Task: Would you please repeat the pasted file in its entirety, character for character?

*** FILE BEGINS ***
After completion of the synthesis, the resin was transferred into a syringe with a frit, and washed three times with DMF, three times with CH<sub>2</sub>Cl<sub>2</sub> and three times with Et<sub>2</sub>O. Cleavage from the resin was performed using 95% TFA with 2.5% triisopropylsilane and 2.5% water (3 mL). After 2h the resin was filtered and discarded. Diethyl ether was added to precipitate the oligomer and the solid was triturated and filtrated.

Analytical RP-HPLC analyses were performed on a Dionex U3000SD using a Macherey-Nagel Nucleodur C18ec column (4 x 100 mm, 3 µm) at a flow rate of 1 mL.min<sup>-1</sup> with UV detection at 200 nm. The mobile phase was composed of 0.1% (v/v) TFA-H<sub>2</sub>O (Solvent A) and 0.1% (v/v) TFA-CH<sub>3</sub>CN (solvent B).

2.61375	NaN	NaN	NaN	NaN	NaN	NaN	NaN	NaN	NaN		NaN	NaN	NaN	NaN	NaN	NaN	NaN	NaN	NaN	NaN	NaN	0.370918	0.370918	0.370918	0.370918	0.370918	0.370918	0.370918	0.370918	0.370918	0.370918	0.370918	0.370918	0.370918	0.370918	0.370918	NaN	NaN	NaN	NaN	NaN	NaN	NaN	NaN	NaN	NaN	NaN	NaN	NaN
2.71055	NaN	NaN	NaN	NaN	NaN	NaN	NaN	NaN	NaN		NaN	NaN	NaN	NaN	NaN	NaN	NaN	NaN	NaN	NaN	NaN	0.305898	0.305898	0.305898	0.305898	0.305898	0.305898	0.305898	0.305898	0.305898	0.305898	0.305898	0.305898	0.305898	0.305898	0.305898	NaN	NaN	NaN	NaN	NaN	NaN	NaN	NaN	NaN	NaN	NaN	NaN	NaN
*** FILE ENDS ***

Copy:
After completion of the synthesis, the resin was transferred into a syringe with a frit, and washed three times with DMF, three times with CH<sub>2</sub>Cl<sub>2</sub> and three times with Et<sub>2</sub>O. Cleavage from the resin was performed using 95% TFA with 2.5% triisopropylsilane and 2.5% water (3 mL). After 2h the resin was filtered and discarded. Diethyl ether was added to precipitate the oligomer and the solid was triturated and filtrated.

Analytical RP-HPLC analyses were performed on a Dionex U3000SD using a Macherey-Nagel Nucleodur C18ec column (4 x 100 mm, 3 µm) at a flow rate of 1 mL.min<sup>-1</sup> with UV detection at 200 nm. The mobile phase was composed of 0.1% (v/v) TFA-H<sub>2</sub>O (Solvent A) and 0.1% (v/v) TFA-CH<sub>3</sub>CN (solvent B).

2.61375	NaN	NaN	NaN	NaN	NaN	NaN	NaN	NaN	NaN		NaN	NaN	NaN	NaN	NaN	NaN	NaN	NaN	NaN	NaN	NaN	0.370918	0.370918	0.370918	0.370918	0.370918	0.370918	0.370918	0.370918	0.370918	0.370918	0.370918	0.370918	0.370918	0.370918	0.370918	NaN	NaN	NaN	NaN	NaN	NaN	NaN	NaN	NaN	NaN	NaN	NaN	NaN
2.71055	NaN	NaN	NaN	NaN	NaN	NaN	NaN	NaN	NaN		NaN	NaN	NaN	NaN	NaN	NaN	NaN	NaN	NaN	NaN	NaN	0.305898	0.305898	0.305898	0.305898	0.305898	0.305898	0.305898	0.305898	0.305898	0.305898	0.305898	0.305898	0.305898	0.305898	0.305898	NaN	NaN	NaN	NaN	NaN	NaN	NaN	NaN	NaN	NaN	NaN	NaN	NaN